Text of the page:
Online Program

Accountable care activity in the states

Tuesday, November 5, 2013 : 5:10 p.m. - 5:30 p.m.

Michael Stanek, National Academy for State Health Policy, Portland, ME
Research Objective: States are at the forefront of efforts to design and implement innovative payment and delivery mechanisms that encourage accountability for costs and quality in health care delivery. With the support of The Commonwealth Fund, the National Academy for State Health Policy is identifying and tracking state activity to promote accountable care on an interactive map.

Study Design: Information on state initiatives was collected through internet research and literature review. To guide the research, a literature review and semi-structured interviews with experts were conducted to develop a definition of “accountable care activity” that captures essential features of accountable care arrangements without being unduly restrictive.

Principal Findings: As these new initiatives have continued to spread across the country, patterns have emerged in state approaches to fostering accountable care. Some states are explicitly cultivating accountable care organization (ACO) models, in line with federal efforts to use shared savings models in the Medicare program to support these models, while others are fostering the creation of new provider-led organizations not explicitly conceptualized as ACOs.

States are developing attribution models to define patient populations for the purpose of facilitating accountability. Some states, like Illinois and Oregon, plan to rely on active enrollment by beneficiaries. Other states, like Maine and Minnesota, will use claims analysis to attribute beneficiaries to providers participating in the accountable care initiative.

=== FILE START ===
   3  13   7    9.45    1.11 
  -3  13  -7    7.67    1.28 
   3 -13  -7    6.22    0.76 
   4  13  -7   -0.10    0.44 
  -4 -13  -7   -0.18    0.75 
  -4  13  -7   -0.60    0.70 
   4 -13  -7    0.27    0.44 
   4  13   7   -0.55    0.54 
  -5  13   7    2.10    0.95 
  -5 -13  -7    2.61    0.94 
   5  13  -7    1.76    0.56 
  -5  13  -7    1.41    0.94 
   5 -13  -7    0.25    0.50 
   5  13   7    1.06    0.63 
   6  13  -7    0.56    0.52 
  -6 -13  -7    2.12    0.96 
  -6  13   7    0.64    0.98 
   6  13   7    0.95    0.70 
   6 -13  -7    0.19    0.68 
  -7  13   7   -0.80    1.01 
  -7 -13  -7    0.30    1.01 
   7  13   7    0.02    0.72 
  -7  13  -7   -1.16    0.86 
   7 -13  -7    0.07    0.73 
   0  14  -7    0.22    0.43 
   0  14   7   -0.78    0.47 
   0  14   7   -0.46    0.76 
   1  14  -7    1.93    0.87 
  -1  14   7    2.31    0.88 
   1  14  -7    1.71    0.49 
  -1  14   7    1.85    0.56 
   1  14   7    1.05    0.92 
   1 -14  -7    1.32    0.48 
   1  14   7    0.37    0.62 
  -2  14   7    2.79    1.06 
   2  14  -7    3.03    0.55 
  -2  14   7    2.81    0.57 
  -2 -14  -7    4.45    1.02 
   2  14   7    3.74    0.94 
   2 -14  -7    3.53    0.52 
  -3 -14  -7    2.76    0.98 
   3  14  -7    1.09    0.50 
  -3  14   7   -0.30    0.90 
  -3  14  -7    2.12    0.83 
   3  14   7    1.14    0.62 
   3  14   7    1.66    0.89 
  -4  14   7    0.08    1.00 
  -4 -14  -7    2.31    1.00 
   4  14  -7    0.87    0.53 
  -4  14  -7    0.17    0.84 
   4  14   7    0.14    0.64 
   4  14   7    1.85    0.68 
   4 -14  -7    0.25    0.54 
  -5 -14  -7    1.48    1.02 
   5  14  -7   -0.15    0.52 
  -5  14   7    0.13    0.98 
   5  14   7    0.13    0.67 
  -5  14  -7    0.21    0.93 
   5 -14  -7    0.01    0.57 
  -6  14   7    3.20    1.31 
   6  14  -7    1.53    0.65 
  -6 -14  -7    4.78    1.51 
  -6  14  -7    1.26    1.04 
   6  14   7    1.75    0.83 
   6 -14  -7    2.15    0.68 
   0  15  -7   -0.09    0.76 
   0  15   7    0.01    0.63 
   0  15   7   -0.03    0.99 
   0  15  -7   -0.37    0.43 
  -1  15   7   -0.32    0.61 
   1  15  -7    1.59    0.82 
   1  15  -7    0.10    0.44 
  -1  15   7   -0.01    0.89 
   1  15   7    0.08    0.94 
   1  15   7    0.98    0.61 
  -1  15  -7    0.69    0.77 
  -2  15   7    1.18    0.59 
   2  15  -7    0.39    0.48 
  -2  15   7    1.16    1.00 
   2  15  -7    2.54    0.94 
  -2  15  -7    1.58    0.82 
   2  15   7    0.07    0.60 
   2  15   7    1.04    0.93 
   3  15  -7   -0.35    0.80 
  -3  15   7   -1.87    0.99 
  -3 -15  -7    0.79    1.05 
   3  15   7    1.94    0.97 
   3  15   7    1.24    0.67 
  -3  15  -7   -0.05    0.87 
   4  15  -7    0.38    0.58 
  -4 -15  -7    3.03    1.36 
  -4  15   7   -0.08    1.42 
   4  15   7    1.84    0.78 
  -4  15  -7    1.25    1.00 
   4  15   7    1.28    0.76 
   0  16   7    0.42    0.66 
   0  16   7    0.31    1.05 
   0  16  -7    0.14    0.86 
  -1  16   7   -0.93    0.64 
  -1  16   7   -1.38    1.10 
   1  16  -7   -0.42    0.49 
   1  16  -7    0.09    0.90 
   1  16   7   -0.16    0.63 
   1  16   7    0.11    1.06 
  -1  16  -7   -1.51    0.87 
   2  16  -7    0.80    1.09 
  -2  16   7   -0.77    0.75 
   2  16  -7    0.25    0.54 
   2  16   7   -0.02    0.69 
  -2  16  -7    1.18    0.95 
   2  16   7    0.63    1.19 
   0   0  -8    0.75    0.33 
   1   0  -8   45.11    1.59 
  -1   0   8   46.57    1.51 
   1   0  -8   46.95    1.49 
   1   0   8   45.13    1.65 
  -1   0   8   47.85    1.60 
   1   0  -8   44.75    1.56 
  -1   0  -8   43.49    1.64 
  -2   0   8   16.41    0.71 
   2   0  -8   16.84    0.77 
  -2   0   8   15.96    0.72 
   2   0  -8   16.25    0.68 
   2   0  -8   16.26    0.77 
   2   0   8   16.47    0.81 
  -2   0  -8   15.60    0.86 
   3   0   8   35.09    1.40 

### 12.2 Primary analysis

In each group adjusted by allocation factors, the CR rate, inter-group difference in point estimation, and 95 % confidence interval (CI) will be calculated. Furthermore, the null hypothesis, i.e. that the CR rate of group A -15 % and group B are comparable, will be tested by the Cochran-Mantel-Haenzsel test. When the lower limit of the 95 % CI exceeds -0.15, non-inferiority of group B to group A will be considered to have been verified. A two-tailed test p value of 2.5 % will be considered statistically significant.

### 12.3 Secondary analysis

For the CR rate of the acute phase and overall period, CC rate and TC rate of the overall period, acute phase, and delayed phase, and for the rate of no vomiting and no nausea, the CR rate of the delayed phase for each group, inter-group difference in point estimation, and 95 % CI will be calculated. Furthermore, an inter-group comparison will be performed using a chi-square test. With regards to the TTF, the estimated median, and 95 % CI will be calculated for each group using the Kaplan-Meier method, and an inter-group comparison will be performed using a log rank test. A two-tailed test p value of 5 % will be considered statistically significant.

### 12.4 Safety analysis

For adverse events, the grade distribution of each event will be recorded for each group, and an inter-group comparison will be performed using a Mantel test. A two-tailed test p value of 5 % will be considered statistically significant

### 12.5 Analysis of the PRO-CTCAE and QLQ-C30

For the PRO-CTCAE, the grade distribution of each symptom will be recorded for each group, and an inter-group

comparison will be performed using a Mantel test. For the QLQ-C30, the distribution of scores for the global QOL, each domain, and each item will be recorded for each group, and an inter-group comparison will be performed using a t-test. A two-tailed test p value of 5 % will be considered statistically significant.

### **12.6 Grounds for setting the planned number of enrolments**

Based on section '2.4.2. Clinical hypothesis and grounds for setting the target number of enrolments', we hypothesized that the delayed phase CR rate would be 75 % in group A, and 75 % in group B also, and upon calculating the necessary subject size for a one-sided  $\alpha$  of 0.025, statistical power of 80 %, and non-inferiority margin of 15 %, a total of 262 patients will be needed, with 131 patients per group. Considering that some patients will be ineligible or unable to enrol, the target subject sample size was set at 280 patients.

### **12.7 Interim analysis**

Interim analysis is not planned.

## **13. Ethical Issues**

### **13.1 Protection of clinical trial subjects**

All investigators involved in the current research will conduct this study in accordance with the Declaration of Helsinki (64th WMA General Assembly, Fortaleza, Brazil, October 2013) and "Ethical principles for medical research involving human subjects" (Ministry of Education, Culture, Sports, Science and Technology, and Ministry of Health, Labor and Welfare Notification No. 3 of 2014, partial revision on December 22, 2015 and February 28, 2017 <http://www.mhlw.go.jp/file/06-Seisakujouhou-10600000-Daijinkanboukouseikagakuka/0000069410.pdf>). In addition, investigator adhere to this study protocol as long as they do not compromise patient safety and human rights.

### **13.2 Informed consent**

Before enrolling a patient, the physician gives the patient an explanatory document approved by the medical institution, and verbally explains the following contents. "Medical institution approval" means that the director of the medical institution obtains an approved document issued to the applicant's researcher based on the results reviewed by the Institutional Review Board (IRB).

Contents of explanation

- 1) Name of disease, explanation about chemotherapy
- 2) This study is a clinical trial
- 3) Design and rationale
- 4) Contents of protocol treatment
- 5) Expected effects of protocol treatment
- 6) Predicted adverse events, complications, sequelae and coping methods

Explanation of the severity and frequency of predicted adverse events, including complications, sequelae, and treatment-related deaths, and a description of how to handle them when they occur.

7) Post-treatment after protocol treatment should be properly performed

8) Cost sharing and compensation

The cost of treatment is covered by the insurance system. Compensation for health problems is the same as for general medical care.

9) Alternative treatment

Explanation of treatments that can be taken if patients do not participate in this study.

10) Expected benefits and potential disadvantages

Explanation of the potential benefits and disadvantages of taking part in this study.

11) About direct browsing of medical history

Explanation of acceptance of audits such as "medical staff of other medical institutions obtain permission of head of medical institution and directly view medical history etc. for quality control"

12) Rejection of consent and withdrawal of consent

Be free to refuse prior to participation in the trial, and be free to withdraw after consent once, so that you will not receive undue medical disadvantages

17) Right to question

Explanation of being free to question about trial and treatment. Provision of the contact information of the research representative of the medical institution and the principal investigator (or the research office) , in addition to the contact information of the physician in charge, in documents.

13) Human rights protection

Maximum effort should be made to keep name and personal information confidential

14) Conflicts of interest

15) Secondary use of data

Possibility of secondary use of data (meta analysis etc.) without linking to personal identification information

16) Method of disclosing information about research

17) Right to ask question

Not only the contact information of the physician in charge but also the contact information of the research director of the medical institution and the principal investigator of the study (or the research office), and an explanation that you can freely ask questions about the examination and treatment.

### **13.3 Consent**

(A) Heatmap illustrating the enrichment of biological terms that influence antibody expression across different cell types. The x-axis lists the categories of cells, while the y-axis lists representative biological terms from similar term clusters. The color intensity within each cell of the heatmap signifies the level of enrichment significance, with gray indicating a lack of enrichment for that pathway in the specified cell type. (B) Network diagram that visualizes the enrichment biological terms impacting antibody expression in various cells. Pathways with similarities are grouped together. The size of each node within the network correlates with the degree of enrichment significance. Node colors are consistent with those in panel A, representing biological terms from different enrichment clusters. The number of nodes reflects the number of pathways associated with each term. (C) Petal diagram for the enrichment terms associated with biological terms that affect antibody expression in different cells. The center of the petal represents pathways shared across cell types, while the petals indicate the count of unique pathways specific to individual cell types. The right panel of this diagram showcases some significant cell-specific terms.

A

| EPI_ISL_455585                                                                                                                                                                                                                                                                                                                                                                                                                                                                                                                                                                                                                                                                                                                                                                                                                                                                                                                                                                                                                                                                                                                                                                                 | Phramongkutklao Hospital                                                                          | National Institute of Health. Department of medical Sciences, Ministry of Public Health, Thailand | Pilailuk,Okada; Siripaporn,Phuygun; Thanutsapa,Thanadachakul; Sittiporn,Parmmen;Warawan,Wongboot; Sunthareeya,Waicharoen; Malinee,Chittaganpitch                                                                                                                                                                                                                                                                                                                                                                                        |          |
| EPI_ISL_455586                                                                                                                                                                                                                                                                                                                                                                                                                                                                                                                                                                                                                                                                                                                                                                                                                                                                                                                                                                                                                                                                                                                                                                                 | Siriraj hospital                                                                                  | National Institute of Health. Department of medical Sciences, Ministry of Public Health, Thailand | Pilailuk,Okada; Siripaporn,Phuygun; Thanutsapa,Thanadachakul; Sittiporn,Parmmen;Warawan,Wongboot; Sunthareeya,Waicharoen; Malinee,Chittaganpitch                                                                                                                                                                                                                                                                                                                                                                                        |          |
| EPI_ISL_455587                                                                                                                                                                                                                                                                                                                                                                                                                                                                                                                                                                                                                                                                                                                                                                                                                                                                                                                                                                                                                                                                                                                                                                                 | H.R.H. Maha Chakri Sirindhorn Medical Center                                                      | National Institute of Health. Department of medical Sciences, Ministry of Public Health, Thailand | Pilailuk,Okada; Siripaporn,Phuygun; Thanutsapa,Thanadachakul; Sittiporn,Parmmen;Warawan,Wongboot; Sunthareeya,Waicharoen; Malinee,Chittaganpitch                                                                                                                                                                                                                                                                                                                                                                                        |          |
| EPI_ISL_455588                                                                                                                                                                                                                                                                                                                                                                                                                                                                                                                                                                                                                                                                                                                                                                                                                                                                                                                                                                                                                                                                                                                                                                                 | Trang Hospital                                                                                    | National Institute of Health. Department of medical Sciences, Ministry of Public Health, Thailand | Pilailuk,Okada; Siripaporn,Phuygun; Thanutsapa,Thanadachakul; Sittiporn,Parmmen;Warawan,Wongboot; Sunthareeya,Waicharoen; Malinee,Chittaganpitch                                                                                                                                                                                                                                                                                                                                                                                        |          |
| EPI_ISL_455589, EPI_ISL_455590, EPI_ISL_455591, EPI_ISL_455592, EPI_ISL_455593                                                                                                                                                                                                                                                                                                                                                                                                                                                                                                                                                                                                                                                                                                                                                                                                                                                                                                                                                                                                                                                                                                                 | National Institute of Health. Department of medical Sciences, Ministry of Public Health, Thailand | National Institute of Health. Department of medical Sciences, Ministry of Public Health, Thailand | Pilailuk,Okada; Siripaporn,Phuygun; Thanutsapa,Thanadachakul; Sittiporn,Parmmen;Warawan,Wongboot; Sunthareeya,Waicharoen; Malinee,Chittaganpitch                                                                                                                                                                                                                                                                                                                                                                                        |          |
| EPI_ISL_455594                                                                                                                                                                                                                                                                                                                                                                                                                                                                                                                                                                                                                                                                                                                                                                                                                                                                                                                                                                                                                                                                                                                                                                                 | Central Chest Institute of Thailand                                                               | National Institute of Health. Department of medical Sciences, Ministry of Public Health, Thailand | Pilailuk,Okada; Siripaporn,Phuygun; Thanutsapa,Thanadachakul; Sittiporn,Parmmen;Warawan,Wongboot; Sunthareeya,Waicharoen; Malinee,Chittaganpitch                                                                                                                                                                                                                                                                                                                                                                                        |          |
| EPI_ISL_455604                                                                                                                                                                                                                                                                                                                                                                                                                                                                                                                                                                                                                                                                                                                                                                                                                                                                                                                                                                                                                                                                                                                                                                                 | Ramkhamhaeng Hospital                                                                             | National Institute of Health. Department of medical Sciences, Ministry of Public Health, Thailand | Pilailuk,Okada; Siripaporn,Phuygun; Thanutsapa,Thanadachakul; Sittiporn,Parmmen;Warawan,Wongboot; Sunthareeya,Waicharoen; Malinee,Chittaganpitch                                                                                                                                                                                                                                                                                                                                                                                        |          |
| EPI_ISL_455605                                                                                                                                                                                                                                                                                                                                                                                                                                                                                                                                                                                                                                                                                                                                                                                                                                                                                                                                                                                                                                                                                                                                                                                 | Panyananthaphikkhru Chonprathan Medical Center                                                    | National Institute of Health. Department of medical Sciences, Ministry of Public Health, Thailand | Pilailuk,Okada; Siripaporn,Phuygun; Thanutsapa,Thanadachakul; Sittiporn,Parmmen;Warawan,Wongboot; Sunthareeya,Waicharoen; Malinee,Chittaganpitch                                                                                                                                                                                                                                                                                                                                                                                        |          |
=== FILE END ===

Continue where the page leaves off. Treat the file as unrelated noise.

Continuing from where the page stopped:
States are implementing payment mechanisms to encourage value. Their initiatives are employing payments aimed at fostering innovation and transitioning away from strict fee-for-service arrangements. Shared savings approaches are popular, layering new incentives for efficiency and quality on top of fee-for-service reimbursement. Shared savings is one payment model used in Illinois's approach, Minnesota's demonstration, and ACO-style models being fostered in Maine, Massachusetts, New York, and New Jersey.

States are developing performance measurement strategies to ensure accountability. Some states, like Maine and New York, will seek to align measurement approaches for their accountable care initiatives with the Medicare Shared Savings Program. Others, including Massachusetts and Minnesota, will rely more heavily on homegrown measurement systems.

Conclusions: Despite the range of approaches states are implementing, these exhibit key features of accountable care: responsibility for a defined population, payments linked to value for care provided to that population, and reliable performance measurement to accurately gauge value. States are developing attribution models to define patient populations for the purpose of facilitating accountability, implementing payment mechanisms to encourage value, developing performance measurement strategies to ensure accountability.

Learning Areas:

Public health or related public policy

Learning Objectives:
Describe state-led initiatives fostering accountable care. Compare approaches to accountable care across states.

Keyword(s): Health Care Delivery, Health Care Reform

Presenting author's disclosure statement:

Qualified on the content I am responsible for because: I have been the primary analyst on a Commonwealth Fund-supported project to track the development of accountable care payment models in state health programs. Among my research interests are payment and delivery system reforms.
Any relevant financial relationships? No

I agree to comply with the American Public Health Association Conflict of Interest and Commercial Support Guidelines, and to disclose to the participants any off-label or experimental uses of a commercial product or service discussed in my presentation.